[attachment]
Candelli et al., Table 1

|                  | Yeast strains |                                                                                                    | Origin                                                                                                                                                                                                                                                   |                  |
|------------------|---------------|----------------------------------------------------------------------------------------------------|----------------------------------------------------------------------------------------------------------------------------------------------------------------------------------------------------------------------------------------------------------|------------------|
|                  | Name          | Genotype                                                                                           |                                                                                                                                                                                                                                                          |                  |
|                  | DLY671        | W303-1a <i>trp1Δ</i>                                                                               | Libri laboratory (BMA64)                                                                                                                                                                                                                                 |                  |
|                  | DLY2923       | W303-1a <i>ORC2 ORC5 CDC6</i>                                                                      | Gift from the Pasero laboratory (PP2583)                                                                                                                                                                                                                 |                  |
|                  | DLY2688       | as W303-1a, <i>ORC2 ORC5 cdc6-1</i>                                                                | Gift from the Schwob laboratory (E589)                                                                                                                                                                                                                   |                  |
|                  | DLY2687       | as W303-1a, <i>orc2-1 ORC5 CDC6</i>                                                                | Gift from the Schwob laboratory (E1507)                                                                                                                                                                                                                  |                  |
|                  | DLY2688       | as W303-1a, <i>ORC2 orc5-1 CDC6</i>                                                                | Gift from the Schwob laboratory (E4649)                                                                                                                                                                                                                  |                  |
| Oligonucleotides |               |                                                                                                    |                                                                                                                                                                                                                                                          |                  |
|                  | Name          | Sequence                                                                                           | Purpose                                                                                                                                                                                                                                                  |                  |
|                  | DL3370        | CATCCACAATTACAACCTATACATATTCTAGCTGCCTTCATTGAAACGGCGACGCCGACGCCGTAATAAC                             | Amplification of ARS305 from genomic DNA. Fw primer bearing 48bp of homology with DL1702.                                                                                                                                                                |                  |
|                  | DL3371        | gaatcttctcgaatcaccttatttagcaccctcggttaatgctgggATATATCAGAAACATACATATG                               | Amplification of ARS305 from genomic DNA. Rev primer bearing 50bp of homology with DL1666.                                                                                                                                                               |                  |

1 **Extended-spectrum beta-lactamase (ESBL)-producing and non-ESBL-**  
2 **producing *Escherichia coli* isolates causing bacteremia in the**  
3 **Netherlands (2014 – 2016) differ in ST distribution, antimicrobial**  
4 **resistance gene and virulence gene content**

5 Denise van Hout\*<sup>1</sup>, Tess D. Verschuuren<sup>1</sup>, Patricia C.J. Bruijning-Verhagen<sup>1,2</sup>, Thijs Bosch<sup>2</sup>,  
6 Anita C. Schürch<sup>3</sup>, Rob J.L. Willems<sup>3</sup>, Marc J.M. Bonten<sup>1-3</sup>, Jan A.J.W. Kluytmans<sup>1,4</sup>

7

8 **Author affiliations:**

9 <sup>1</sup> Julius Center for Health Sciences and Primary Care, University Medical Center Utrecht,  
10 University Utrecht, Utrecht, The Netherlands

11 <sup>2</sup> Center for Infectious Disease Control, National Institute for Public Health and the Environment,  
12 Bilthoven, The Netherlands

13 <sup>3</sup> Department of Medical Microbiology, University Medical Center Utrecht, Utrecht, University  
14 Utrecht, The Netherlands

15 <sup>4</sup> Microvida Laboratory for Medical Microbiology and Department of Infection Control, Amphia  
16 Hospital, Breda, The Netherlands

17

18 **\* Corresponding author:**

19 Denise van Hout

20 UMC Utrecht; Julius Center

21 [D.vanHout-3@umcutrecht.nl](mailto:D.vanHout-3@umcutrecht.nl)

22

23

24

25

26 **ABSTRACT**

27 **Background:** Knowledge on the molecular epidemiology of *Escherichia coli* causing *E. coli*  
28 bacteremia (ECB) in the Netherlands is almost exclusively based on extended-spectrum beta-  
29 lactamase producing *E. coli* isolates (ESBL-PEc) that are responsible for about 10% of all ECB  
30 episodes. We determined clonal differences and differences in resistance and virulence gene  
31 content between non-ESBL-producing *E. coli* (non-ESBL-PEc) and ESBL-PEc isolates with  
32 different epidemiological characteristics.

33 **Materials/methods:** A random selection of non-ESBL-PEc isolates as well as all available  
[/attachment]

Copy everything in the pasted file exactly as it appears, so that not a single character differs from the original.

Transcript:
Candelli et al., Table 1

|                  | Yeast strains |                                                                                                    | Origin                                                                                                                                                                                                                                                   |                  |
|------------------|---------------|----------------------------------------------------------------------------------------------------|----------------------------------------------------------------------------------------------------------------------------------------------------------------------------------------------------------------------------------------------------------|------------------|
|                  | Name          | Genotype                                                                                           |                                                                                                                                                                                                                                                          |                  |
|                  | DLY671        | W303-1a <i>trp1Δ</i>                                                                               | Libri laboratory (BMA64)                                                                                                                                                                                                                                 |                  |
|                  | DLY2923       | W303-1a <i>ORC2 ORC5 CDC6</i>                                                                      | Gift from the Pasero laboratory (PP2583)                                                                                                                                                                                                                 |                  |
|                  | DLY2688       | as W303-1a, <i>ORC2 ORC5 cdc6-1</i>                                                                | Gift from the Schwob laboratory (E589)                                                                                                                                                                                                                   |                  |
|                  | DLY2687       | as W303-1a, <i>orc2-1 ORC5 CDC6</i>                                                                | Gift from the Schwob laboratory (E1507)                                                                                                                                                                                                                  |                  |
|                  | DLY2688       | as W303-1a, <i>ORC2 orc5-1 CDC6</i>                                                                | Gift from the Schwob laboratory (E4649)                                                                                                                                                                                                                  |                  |
| Oligonucleotides |               |                                                                                                    |                                                                                                                                                                                                                                                          |                  |
|                  | Name          | Sequence                                                                                           | Purpose                                                                                                                                                                                                                                                  |                  |
|                  | DL3370        | CATCCACAATTACAACCTATACATATTCTAGCTGCCTTCATTGAAACGGCGACGCCGACGCCGTAATAAC                             | Amplification of ARS305 from genomic DNA. Fw primer bearing 48bp of homology with DL1702.                                                                                                                                                                |                  |
|                  | DL3371        | gaatcttctcgaatcaccttatttagcaccctcggttaatgctgggATATATCAGAAACATACATATG                               | Amplification of ARS305 from genomic DNA. Rev primer bearing 50bp of homology with DL1666.                                                                                                                                                               |                  |

1 **Extended-spectrum beta-lactamase (ESBL)-producing and non-ESBL-**  
2 **producing *Escherichia coli* isolates causing bacteremia in the**  
3 **Netherlands (2014 – 2016) differ in ST distribution, antimicrobial**  
4 **resistance gene and virulence gene content**

5 Denise van Hout\*<sup>1</sup>, Tess D. Verschuuren<sup>1</sup>, Patricia C.J. Bruijning-Verhagen<sup>1,2</sup>, Thijs Bosch<sup>2</sup>,  
6 Anita C. Schürch<sup>3</sup>, Rob J.L. Willems<sup>3</sup>, Marc J.M. Bonten<sup>1-3</sup>, Jan A.J.W. Kluytmans<sup>1,4</sup>

7

8 **Author affiliations:**

9 <sup>1</sup> Julius Center for Health Sciences and Primary Care, University Medical Center Utrecht,  
10 University Utrecht, Utrecht, The Netherlands

11 <sup>2</sup> Center for Infectious Disease Control, National Institute for Public Health and the Environment,  
12 Bilthoven, The Netherlands

13 <sup>3</sup> Department of Medical Microbiology, University Medical Center Utrecht, Utrecht, University  
14 Utrecht, The Netherlands

15 <sup>4</sup> Microvida Laboratory for Medical Microbiology and Department of Infection Control, Amphia  
16 Hospital, Breda, The Netherlands

17

18 **\* Corresponding author:**

19 Denise van Hout

20 UMC Utrecht; Julius Center

21 [D.vanHout-3@umcutrecht.nl](mailto:D.vanHout-3@umcutrecht.nl)

22

23

24

25

26 **ABSTRACT**

27 **Background:** Knowledge on the molecular epidemiology of *Escherichia coli* causing *E. coli*  
28 bacteremia (ECB) in the Netherlands is almost exclusively based on extended-spectrum beta-  
29 lactamase producing *E. coli* isolates (ESBL-PEc) that are responsible for about 10% of all ECB  
30 episodes. We determined clonal differences and differences in resistance and virulence gene  
31 content between non-ESBL-producing *E. coli* (non-ESBL-PEc) and ESBL-PEc isolates with  
32 different epidemiological characteristics.

33 **Materials/methods:** A random selection of non-ESBL-PEc isolates as well as all available  